Fireballs blaze through the dark night sky in this NASA footage of the annual Perseid meteor shower.
The video, captured overnight on Aug. 3-4, shows "shooting stars" or tiny space rocks burning up in the atmosphere in view of NASA's All-sky Fireball Network of cameras.
The All-Sky Fireball Network includes 17 cameras across the United States that scan the skies for meteors. Its goal is to assist with protecting spacecraft, which can be vulnerable to punctures from the high-speed rocks entering Earth's atmosphere.
The Perseid meteor shower, which peaks every August, has been blamed for the demise of the European Olympus-1 satellite in 1993. A generation later, Canada's Western University in London, Ontario is among universities trying to model the shower for spacecraft safety.
"By monitoring and modeling, we can give satellite operators a heads-up that a meteor shower outburst is coming and that they should orient their spacecraft as to minimize the cross-sectional area with respect to the direction where the meteors are traveling," Western professor Peter Brown, who performs research about meteors using a network of Canadian cameras and radar run by the university, said in a statement.
The Perseids occur when the Earth runs into the stream left behind by Comet Swift-Tuttle, which visits the inner solar system about every 133 years. (The last time was in 1992, so it won't return again until 2125 if predictions hold.)
This year, the peak of the Perseids arrives overnight on Thursday (Aug. 12), when the moon is a thin crescent in the sky. While the number of Perseids will be average, the dark sky is ideal to view the shower — a show that is famous for producing fireballs like what NASA captured earlier in the month. NASA meteor expert Bill Cooke has said that viewers can expect to see as many as 100 Perseid meteors per hour from dark-sky locations.
The meteors appear to emanate from the constellation Perseus — somewhat near the Big Dipper or Ursa Major in the sky. That said, the shooting stars are relatively easy to spot almost anywhere in the sky and sometimes happen as frequently as once every few minutes.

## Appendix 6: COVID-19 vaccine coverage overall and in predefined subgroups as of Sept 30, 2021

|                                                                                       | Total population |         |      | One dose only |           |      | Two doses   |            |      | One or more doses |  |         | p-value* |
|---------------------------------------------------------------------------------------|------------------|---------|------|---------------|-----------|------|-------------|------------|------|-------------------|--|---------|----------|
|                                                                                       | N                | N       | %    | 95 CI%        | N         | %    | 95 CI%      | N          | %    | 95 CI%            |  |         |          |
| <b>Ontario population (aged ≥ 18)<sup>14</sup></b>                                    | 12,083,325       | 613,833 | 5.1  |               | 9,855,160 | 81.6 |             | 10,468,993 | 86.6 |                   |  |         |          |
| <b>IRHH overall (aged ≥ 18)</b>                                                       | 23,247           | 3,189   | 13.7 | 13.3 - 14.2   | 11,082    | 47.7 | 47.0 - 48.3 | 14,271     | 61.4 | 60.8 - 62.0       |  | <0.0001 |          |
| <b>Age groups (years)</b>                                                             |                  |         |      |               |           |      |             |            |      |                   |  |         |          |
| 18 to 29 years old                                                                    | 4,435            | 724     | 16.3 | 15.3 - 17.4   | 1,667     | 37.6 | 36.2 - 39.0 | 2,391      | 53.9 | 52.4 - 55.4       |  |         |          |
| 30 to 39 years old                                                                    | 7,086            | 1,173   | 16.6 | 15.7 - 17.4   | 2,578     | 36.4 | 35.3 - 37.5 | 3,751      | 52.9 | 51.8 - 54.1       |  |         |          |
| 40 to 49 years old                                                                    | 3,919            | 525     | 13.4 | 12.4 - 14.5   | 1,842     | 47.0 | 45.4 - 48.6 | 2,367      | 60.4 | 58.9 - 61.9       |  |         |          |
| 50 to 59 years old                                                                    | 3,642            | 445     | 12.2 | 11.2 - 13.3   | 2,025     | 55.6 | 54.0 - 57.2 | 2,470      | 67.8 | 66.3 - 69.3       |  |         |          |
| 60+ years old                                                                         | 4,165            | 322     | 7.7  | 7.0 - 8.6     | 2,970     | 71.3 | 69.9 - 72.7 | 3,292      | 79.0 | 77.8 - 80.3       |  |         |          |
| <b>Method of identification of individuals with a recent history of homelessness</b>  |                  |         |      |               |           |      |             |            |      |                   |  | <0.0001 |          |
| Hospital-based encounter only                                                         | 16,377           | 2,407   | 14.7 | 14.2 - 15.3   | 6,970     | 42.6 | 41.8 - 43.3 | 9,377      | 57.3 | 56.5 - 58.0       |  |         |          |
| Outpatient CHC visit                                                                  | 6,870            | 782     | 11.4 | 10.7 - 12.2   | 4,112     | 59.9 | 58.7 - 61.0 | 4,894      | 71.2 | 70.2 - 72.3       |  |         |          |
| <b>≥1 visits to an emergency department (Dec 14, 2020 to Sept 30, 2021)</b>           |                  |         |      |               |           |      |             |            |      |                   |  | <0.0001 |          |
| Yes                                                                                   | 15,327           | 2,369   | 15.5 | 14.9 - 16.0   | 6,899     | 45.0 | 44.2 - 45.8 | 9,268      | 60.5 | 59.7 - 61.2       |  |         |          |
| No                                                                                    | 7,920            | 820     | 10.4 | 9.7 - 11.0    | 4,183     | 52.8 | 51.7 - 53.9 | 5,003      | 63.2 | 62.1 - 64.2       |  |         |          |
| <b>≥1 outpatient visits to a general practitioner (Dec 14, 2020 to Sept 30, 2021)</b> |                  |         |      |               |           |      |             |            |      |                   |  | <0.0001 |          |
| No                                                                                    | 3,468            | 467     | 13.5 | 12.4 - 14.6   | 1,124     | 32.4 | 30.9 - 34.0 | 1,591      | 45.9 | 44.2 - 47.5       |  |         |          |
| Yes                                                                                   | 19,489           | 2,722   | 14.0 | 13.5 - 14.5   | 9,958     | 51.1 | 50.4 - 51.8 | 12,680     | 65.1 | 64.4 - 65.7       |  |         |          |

To watch the show, astronomers typically recommend you go outside around 2 a.m. local time, bring a lawn chair and a sweater against any early-morning cool, and to relax. No special equipment is needed; only your naked eyes will show you the meteors.
As the Perseids enter the atmosphere at 37 miles (60 km) per second — roughly 30 times faster than an F-35 fighter jet, Western said — the millimeter-sized meteors release light as they collide with air molecules. This is due to charged particles, known as electrons, getting ripped away from Earth's atmospheric atoms during the collisions, Western said.
"It only takes a brief moment before the atoms capture an electron and emit light, which is when you can see a glowing trail in the sky," Denis Vida, project lead of the Global Meteor Network, said in the same statement. The network includes more than 450 video meteor cameras hosted by professionals and amateur astronomers in 23 countries.
Future research for meteor astronomers includes building better predictive models of meteor showers based on the fresh observations from the network and other sets of cameras, Western noted.
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Elizabeth Howell (she/her), Ph.D., is a staff writer in the spaceflight channel since 2022 covering diversity, education and gaming as well. She was contributing writer for Space.com for 10 years before joining full-time. Elizabeth's reporting includes multiple exclusives with the White House and Office of the Vice-President of the United States, an exclusive conversation with aspiring space tourist (and NSYNC bassist) Lance Bass, speaking several times with the International Space Station, witnessing five human spaceflight launches on two continents, flying parabolic, working inside a spacesuit, and participating in a simulated Mars mission. Her latest book, "Why Am I Taller?", is co-written with astronaut Dave Williams. Elizabeth holds a Ph.D. and M.Sc. in Space Studies from the University of North Dakota, a Bachelor of Journalism from Canada's Carleton University and a Bachelor of History from Canada's Athabasca University. Elizabeth is also a post-secondary instructor in communications and science at several institutions since 2015; her experience includes developing and teaching an astronomy course at Canada's Algonquin College (with Indigenous content as well) to more than 1,000 students since 2020. Elizabeth first got interested in space after watching the movie Apollo 13 in 1996, and still wants to be an astronaut someday. Mastodon: https://qoto.org/@howellspace